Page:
Filament is a collection of apps that can be seamlessly added to websites to enhance the visitor experience. These free apps include Ivy, which allows people to select text on the page and share it via Twitter, Facebook, and so on, and Flare, which gives users the ability to create a customizable social sharing bar to make sharing materials a snap. These various apps are compatible with all operating systems, including Linux. [KMG]


In The News

Fecal Fossils Reveal Much About the Original Paleo Diet

The Neanderthal Meal: A New Perspective Using Faecal Biomarkers
http://www.plosone.org/article/info%3Adoi%2F10.1371%2Fjournal.pone.0101045

Did Neanderthals Eat Plants? The Proof May Be In The Poop
http://www.npr.org/blogs/thesalt/2014/06/26/325813612/did-neanderthals-eat-plants-the-proof-may-be-in-the-poop

What Discovery of Oldest Human Poop Reveals About Neanderthals’ Diet
http://news.nationalgeographic.com/news/2014/06/140625-neanderthal-poop-diet-ancient-science-archaeology/

Ancient Poop Suggests Neanderthals Ate Way More Veggies Than We Thought
http://www.huffingtonpost.com/2014/06/25/neanderthal-poop-vegetable-diet_n_5523040.html

The Real Paleo Diet
http://www.slate.com/blogs/wild_things/2014/06/25/neanderthal_feces_coprolite_study_shows_early_humans_ate_meat_and_vegetables.html

Ice Age Europe:Blog
http://www.ice-age-europe.eu/learn-and-discover/blog.html

Just how balanced was the original paleo diet? Challenging previous categorization of Neanderthals as carnivorous, a recent report in the journal PLOS ONE reveals that they also ate plenty of berries, nuts, and vegetables. Researchers at El Salt, a Neanderthal gathering place in Alicante, Spain, were examining fire pits for chemical traces of fats from cooked meats when they unexpectedly found fossil feces, or coprolites, that dated back 50,000 years. When analyzed, the contents of the coprolites revealed four fats associated with meat consumption as well as two cholesterol-like compounds which come from plants. "They were eating a lot of meat," reported MIT paleoarchaeologist Ainara Sistiaga. "But we believe they were omnivorous." The coprolites also revealed that the Neanderthals, like modern and other ancient peoples, were plagued by parasites. Ancient poop may not be at the top of every archaeologists wish list when beginning a dig, but as these discoveries indicate- its a unique way to learn about the daily lives of our ancient ancestors. [CBD]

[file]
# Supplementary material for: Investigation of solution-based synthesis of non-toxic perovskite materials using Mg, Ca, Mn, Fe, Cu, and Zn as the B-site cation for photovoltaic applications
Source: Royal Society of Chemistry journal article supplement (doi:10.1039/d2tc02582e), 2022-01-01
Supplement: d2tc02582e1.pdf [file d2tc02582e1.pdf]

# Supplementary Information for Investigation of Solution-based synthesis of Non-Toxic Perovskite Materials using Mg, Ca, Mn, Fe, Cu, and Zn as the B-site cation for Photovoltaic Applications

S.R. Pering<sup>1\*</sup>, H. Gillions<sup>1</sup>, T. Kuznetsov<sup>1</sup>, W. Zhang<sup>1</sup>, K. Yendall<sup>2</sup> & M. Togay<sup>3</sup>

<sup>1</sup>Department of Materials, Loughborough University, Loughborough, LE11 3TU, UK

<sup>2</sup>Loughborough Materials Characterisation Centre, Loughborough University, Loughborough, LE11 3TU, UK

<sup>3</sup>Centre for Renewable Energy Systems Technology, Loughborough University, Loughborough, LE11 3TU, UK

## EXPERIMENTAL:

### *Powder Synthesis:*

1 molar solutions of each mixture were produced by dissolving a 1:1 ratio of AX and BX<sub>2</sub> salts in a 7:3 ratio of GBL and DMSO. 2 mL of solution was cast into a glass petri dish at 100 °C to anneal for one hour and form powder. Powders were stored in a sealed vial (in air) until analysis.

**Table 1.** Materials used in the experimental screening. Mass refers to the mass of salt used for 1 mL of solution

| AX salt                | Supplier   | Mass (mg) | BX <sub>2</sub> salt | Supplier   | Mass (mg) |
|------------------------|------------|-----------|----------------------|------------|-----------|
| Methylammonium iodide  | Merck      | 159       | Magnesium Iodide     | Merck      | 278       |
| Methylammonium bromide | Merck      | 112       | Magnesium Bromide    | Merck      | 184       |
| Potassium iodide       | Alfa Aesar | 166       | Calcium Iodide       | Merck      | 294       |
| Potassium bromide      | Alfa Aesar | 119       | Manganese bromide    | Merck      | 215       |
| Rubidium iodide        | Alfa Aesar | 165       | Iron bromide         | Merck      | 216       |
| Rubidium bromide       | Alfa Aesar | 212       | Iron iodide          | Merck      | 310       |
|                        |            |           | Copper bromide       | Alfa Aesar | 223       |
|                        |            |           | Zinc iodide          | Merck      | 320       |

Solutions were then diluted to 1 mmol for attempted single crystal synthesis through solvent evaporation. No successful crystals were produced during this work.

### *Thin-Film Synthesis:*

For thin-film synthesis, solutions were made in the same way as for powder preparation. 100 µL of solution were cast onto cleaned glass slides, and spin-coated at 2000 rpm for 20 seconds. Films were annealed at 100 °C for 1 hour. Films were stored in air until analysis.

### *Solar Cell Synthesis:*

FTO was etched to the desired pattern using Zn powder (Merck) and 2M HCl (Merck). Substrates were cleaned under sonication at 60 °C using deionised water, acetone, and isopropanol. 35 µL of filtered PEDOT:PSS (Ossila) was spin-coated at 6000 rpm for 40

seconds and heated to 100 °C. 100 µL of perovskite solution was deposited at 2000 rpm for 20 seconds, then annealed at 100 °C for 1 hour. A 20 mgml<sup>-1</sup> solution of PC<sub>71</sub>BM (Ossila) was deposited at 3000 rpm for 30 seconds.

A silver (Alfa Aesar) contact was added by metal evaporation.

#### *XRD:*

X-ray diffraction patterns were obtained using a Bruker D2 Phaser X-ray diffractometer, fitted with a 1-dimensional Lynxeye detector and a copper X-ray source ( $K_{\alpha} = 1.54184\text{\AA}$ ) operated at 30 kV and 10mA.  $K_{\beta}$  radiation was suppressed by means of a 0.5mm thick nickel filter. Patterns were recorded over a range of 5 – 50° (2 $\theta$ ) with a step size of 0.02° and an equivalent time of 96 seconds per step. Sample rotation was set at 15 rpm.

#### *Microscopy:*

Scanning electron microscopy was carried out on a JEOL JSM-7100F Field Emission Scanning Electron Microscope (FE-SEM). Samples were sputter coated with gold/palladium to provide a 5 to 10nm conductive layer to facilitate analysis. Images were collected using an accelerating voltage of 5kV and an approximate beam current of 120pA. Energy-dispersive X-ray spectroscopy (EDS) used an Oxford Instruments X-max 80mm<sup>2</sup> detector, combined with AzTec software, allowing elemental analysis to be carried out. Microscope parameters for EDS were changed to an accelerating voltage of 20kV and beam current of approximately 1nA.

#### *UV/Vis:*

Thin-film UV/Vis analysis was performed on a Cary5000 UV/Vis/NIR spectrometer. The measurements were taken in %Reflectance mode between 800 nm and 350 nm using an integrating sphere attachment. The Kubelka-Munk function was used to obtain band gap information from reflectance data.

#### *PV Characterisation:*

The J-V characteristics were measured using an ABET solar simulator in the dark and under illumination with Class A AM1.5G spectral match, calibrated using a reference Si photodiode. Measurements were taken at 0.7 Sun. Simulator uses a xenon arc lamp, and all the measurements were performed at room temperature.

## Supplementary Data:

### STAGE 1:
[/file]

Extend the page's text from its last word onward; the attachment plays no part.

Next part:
The first link will take readers to the official, detailed study that was published in PLOS ONE this Wednesday. Next, Nicholas St. Fleur offers some great food for thought on the discovery in NPR’s blog, The Salt. The third, fourth, and fifth links offer detailed and easily digestible articles on the discovery from National Geographic, the Huffington Post, and Slate respectively. Finally, the Ice Age Europe blog introduces readers to a variety of prehistory musings and links to related institutions, such as the The Neanderthal Museum and The Museum of Human Evolution.